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DAOPHOT Quick-start Manual

Dale C. Jackson

Last Updated: March 1, 2007

This is meant to be a quick-start reference for members of the University of Minnesota
Infrared Group who are beginners to the DAOPHOT stellar photometry package. This
should by no means be the only reading you do before using DAOPHOT. The full manual is
not that long and is well written with lots of good examples, so read it before you start and
save yourself a headache. The main goal of this document is to explain a typical run-through
of DAOPHOT and to describe problems that I’ve run into and was able to solve.
IMPORTANT: The version of DAOPHOT currently installed on our network is the first
version ever created for LINUX. As such, it is still somewhat experimental. Peter Stetson, the
author of DAOPHOT, is very good about updating the code to get rid of bugs, HOWEVER,
he can do this only if he gets feedback from users. If you find something that doesn’t work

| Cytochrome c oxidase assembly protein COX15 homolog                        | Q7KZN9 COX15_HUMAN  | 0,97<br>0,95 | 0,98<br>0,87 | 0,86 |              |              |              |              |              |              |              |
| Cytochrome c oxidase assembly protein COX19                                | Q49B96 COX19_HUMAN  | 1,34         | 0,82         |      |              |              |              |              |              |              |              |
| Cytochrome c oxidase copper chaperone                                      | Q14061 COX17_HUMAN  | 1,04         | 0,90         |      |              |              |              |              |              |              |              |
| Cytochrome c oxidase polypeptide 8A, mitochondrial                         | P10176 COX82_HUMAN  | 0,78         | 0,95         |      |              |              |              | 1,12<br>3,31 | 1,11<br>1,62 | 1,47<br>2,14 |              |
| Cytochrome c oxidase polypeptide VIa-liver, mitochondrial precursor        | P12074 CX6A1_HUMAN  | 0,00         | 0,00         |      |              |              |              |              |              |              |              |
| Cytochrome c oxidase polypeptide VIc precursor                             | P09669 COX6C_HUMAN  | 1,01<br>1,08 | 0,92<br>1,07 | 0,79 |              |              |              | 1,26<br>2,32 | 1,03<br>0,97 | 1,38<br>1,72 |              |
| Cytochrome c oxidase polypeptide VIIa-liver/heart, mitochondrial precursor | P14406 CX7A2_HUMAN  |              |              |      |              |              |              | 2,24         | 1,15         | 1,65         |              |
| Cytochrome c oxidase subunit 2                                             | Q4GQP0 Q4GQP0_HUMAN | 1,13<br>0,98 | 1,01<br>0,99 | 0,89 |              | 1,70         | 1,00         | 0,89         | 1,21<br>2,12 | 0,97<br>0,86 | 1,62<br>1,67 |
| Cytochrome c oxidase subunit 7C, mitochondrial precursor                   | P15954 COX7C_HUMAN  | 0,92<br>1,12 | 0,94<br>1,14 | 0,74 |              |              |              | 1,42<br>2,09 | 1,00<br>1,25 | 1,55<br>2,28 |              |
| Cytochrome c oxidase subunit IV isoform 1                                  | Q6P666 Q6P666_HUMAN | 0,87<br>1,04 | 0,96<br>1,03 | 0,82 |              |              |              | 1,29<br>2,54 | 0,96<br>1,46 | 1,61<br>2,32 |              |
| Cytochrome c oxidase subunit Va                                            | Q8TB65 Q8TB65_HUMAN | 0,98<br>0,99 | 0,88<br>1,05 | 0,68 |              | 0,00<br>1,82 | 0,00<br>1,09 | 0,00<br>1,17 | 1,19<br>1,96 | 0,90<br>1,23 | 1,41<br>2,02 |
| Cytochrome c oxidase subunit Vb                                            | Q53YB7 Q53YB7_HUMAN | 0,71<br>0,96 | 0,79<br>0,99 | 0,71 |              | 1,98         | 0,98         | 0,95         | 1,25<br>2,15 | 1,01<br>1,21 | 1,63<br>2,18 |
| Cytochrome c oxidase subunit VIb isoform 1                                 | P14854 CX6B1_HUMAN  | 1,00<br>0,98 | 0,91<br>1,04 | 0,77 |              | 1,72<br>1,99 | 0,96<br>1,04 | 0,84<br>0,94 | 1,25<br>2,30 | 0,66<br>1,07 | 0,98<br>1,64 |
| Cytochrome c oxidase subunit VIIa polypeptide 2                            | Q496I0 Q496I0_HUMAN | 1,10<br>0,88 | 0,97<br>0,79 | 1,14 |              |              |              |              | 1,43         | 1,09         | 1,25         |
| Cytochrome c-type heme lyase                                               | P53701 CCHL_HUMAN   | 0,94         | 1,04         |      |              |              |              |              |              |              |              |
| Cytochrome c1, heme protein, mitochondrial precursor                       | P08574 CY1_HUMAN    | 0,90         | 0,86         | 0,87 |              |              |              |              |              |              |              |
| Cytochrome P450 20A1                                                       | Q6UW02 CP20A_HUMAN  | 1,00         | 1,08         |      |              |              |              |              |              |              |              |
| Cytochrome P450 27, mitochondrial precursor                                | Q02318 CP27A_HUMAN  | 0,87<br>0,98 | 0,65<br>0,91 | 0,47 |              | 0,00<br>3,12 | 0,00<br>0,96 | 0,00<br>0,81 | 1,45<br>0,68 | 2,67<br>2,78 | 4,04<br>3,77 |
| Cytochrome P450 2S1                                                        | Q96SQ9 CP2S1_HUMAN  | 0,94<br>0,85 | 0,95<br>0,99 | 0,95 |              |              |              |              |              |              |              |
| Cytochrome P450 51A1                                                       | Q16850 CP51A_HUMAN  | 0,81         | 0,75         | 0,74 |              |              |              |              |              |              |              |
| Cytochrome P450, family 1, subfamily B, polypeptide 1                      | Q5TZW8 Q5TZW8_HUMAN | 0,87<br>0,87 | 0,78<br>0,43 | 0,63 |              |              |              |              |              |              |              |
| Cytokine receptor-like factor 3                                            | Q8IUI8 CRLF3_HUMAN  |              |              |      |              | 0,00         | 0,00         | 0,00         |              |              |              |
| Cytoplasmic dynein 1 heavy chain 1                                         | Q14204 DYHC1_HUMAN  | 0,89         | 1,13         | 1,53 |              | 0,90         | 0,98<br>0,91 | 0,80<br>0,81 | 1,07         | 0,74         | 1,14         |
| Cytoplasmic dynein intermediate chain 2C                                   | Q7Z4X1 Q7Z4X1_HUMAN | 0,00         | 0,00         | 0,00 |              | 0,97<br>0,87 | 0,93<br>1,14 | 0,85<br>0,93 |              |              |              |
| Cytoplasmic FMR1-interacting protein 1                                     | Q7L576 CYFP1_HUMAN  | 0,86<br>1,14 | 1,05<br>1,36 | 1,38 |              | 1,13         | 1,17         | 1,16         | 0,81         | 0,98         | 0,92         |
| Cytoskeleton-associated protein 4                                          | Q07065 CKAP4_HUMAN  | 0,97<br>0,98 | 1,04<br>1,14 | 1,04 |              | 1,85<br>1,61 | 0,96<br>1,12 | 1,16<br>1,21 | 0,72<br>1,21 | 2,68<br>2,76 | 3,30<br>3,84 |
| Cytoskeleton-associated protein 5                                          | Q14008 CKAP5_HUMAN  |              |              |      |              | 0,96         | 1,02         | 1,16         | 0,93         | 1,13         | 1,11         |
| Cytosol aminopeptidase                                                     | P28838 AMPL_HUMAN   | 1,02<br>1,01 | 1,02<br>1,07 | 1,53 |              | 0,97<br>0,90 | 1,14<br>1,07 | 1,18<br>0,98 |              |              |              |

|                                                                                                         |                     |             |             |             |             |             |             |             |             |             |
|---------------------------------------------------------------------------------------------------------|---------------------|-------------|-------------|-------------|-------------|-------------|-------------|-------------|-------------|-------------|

let me know and I’ll pass it on to him. If you find a useful tip that you think should be
in the manual let me know and I’ll pass it on to him. Under no circumstances should this
version of DAOPHOT be given to others outside our group. The author likes to keep up to
date with who has what version so if something needs fixing he can let you know. IRAF and
MOPEX suck because they are not managed in this fashion. Like Smokey says, “Only you
can prevent crappy software.”

1. Before You Start DAOPHOT

Unlike our good friend MOPEX, DAOPHOT has very few parameters that need to be
set before running the software. Before you start up DAOPHOT you need to have an ‘op-
tions’ file which lists the parameters DAOPHOT needs to run. At minimum you need to
know: the read-noise of your detector, the gain of your detector, the FWHM of the sources in
your image you wish to detect, and the maximum good value a pixel can have on the image
(defined either as the value your detector goes non-linear, or saturates, depending on what
you’re doing). Create a text file (in the directory where you will be running DAOPHOT)